You know that feeling of returning to a place that you’ve been away from for a while? Much about it is familiar – even nostalgic – the way it looks, smells, and feels. And this initial familiarity is comforting, until you take it all in and realize that something is different.

A friend of mine has a farm in Tennessee, which has become one of those places for me. I’ve been there a handful of times over the course of several years, and each trip has been spaced apart enough that major life stuff has happened in between. Since I’ve known it, very little about the farm has changed. The house, the lay of the land, even some of the rituals we’ve developed in going there are all intimately familiar. I can pinpoint spots that remind me of specific people or jokes or meals – things I haven’t otherwise thought of in years. And despite all of this, each time I go there, it feels a bit different, not because the farm has changed, but because I have. Who I am and the things I carry affect how I perceive the world, even the places I know best. Continue reading →

Of Palm & Ash

Lately I’ve been thinking about the life cycle of a palm branch.

Just under a year ago, I purchased hundreds of palm branches from a florist down the street, and spent the afternoon trimming them down so that the following Sunday – Palm Sunday – my congregation could wave them around and mark the beginning of Holy Week in style. These leaves were vibrant and fresh, recently plucked from a tree in some perpetually lush part of the world.

The leftover branches ended up on the floor of my office next to my desk. They sat there unnoticed for the better part of a year. And they died: they gradually lost their color and their moisture, turning into crunchy, pasty-yellow things. Continue reading →

On Lent, Past & Present


From “Trinity,” by Masaccio, 1426-28. A fresco located in Santa Maria Novella, Florence, Italy.

Today is Ash Wednesday – the beginning of Lent.

For the majority of my life, Ash Wednesday has marked the start of a forty day guilt trip. When I was a kid, my parents would encourage me to give something up, like candy or cookies. This meant that I would still eat candy and cookies, but I would feel guilty while doing so.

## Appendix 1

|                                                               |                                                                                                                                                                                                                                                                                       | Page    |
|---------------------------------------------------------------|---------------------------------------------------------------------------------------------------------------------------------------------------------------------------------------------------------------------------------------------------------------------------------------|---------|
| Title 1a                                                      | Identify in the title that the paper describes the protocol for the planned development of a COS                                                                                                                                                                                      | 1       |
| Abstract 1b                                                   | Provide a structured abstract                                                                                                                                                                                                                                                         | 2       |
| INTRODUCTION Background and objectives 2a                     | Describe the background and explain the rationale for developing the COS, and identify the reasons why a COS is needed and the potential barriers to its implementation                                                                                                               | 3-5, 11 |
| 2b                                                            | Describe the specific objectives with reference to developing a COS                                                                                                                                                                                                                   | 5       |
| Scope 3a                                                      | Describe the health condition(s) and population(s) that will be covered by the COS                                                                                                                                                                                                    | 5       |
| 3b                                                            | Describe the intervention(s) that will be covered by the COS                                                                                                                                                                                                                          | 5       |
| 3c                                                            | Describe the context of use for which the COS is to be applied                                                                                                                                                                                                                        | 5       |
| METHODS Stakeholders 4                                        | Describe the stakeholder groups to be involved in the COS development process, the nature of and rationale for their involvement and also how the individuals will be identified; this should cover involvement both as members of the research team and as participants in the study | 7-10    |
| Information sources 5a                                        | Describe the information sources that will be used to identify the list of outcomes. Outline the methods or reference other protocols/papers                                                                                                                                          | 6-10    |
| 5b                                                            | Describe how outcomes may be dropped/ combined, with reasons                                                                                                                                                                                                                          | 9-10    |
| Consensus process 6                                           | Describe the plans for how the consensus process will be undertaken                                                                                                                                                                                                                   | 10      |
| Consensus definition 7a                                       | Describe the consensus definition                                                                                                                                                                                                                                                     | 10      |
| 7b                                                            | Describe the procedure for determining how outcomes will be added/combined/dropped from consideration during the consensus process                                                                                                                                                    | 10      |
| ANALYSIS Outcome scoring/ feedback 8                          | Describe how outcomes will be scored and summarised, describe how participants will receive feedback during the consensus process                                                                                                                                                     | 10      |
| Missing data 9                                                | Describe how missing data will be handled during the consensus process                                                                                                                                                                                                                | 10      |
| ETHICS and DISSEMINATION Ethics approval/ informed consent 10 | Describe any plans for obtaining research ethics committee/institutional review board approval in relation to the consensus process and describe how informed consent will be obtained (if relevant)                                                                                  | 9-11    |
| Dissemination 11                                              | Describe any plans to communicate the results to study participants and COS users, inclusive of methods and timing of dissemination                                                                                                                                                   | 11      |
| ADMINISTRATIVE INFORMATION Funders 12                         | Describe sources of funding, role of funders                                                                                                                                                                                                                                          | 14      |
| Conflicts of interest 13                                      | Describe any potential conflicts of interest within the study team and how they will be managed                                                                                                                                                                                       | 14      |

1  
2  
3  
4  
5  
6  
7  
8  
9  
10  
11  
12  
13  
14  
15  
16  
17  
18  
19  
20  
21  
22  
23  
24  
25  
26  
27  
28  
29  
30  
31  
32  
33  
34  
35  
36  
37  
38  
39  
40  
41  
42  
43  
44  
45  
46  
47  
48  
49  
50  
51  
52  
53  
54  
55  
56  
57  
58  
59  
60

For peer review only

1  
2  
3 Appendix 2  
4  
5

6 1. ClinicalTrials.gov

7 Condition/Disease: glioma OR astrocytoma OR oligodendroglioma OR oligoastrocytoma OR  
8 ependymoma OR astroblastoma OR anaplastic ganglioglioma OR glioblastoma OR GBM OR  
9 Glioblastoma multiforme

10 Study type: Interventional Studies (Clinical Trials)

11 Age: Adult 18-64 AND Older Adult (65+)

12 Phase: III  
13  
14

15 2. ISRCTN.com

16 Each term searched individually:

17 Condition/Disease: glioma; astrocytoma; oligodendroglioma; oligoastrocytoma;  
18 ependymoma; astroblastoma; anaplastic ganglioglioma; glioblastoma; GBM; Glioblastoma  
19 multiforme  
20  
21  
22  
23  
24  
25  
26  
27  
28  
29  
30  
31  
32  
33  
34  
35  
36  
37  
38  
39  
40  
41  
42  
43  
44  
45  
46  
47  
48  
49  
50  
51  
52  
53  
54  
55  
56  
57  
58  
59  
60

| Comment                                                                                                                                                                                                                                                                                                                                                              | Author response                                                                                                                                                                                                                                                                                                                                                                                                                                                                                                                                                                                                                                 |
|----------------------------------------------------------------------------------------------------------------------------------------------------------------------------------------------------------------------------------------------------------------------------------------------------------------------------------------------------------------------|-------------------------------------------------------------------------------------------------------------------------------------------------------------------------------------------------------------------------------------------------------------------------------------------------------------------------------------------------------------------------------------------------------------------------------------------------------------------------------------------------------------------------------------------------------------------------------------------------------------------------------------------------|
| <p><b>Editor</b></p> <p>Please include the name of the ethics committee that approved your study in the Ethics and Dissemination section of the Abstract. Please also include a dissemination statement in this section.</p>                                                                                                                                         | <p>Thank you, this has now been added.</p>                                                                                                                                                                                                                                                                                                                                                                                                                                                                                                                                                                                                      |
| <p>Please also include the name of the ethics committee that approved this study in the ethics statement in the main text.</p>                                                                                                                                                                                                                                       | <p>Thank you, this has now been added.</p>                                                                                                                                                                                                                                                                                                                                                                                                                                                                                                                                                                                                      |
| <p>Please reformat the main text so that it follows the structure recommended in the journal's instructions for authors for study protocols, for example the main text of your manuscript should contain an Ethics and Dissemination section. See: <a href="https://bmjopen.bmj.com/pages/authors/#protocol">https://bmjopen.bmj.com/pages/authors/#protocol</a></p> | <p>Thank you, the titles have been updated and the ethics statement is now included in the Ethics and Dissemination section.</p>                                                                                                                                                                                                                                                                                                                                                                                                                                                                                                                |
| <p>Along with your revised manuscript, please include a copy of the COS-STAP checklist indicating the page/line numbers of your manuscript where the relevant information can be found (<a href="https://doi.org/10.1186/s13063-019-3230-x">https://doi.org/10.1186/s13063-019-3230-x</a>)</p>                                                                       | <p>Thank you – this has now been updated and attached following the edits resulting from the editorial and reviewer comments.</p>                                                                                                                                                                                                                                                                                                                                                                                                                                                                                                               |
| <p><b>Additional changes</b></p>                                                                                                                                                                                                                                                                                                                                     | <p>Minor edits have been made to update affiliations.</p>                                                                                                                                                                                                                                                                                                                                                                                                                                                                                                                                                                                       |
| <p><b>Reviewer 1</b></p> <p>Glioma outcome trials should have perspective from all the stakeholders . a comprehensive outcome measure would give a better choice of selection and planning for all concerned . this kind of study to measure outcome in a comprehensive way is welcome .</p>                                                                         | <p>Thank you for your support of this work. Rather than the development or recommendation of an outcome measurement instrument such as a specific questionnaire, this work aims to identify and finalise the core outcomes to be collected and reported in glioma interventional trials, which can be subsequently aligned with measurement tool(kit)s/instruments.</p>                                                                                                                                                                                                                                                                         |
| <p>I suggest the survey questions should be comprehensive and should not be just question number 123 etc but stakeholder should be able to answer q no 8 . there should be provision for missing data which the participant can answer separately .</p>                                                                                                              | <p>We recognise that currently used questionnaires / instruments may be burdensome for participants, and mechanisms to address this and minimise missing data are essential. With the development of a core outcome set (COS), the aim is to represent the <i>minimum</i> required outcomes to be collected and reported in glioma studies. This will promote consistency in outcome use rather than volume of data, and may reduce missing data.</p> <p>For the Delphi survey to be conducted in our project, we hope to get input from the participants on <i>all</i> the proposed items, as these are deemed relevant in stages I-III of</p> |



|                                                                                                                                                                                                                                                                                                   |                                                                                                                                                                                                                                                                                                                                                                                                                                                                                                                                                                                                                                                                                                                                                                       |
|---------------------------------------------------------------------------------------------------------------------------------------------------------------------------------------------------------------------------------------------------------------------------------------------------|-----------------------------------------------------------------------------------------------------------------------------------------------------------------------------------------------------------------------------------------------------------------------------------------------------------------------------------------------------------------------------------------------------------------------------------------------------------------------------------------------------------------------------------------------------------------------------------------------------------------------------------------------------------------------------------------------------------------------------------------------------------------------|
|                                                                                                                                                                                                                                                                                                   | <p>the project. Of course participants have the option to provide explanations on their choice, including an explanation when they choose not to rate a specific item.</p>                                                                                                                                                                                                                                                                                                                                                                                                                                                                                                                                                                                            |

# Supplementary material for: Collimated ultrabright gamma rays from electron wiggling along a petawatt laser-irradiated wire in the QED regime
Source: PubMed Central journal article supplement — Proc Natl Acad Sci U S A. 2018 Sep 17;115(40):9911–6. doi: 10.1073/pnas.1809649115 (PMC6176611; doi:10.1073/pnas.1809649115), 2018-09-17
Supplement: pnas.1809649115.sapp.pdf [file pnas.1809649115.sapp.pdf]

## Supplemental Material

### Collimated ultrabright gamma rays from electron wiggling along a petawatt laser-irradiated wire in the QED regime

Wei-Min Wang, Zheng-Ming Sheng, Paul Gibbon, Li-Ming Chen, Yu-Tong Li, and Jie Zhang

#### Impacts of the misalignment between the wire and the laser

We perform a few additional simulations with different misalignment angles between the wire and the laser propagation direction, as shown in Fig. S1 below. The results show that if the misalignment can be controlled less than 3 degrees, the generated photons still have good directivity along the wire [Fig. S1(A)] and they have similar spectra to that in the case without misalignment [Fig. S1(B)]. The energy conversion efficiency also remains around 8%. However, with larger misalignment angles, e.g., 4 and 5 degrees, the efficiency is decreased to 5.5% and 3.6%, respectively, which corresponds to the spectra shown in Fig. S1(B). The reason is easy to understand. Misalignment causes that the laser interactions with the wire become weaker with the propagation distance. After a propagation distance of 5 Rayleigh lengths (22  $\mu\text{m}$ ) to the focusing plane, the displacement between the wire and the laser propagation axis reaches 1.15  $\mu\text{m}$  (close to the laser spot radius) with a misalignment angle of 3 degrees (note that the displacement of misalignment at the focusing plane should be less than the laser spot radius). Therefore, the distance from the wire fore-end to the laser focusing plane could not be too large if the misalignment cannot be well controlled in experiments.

There were several years where I strongly considered giving up shrimp cocktail. It was my favorite food, but I could live without it for a while. However, my birthday always falls in the middle of Lent, and I wanted to be able to request shrimp for dinner. I don’t think I ever did – I just wanted to have the option.

In fourth grade, I gave up Harry Potter for Lent. There was talk of “witchcraft,” and I wanted nothing of it. Also, I was in the middle of Goblet of Fire – the part that’s kind of slow –  but my teacher was really strict about us finishing the books we had started. So I outsmarted her by pulling the “observant Catholic” card.

In fifth grade, I once again gave up Harry Potter. The series was now a global phenomenon, but, having never resumed book #4, I wasn’t really interested. When my friends asked if I had read Order of the Phoenix yet, I outsmarted them by pulling the “observant Catholic” card.

Once, I gave up money for Lent. I understood enough about Lent to know that you are supposed to give up something that keeps you from God. And I understood enough about myself to know that I tend to put my faith in money. So I had my parents take forty days worth of allowance (all $15!) and donate it to World Vision, to help a family in Africa buy a rabbit. That was probably my peak as a faithful Christian – maybe someday I’ll be brave enough to do that again.

For a while in high school, we were pseudo-Evangelical and Lent wasn’t a big deal. That was the most guilt-free I’ve ever been.

In college I made up for this by going all-out: a friend and I endeavored to follow the Rabbinic laws as given to the Israelites in Leviticus, Numbers, and Deuteronomy. I failed miserably, and every non-Kosher meal or iota drawn on a Saturday came with guilt, and sometimes nausea (the first year I did this, I wasn’t able to properly digest pork until July). Those were some of the most intense yet gratifying Lents I’ve ever experienced, but I think they might have missed the point.

To be sure, I still don’t fully understand the “point” of Lent, but I have a better idea now than when I was an adolescent Harry Potter fangirl who loved shrimp. I understand now that the point of Lent isn’t guilt, though it’s probably good to feel extra-convicted for a season.

The point of Lent is to rely on God is ways that we aren’t used to. For example, I don’t typically turn to God when deciding what to eat, because it’s strange and would annoy waiters and baristas  all over Philly. But when fasting from a particular food group, His strength is helpful in resisting temptation.

The point of Lent is to remember our limitations. I don’t plan on it, but I know that I will break Lent this year – probably by the end of this week. When I reach for Half-Blood Prince that happens, I hope to use this failure as an opportunity to be honest with myself about who I am – a fallen human in need of grace.

The point of Lent is to understand suffering. When we fast, we suffer a little. But this pious, optional suffering is luxurious compared to what billions of people go through every day, and, of course, what Jesus went through for us during his final days.

And, even though it is deeply important, the point of Lent is not “giving stuff up.” It’s not so much about what’s in our bellies as what’s in our hearts and minds. The point of Lent is remembering, and mourning.

I’m excited to remember and mourn with you all during this season.

PS – This year, I’ll be using Liberti Church’s Lent and Easter prayerbook, to help me remember, mourn, and, ultimately, celebrate. Click here to download a free copy!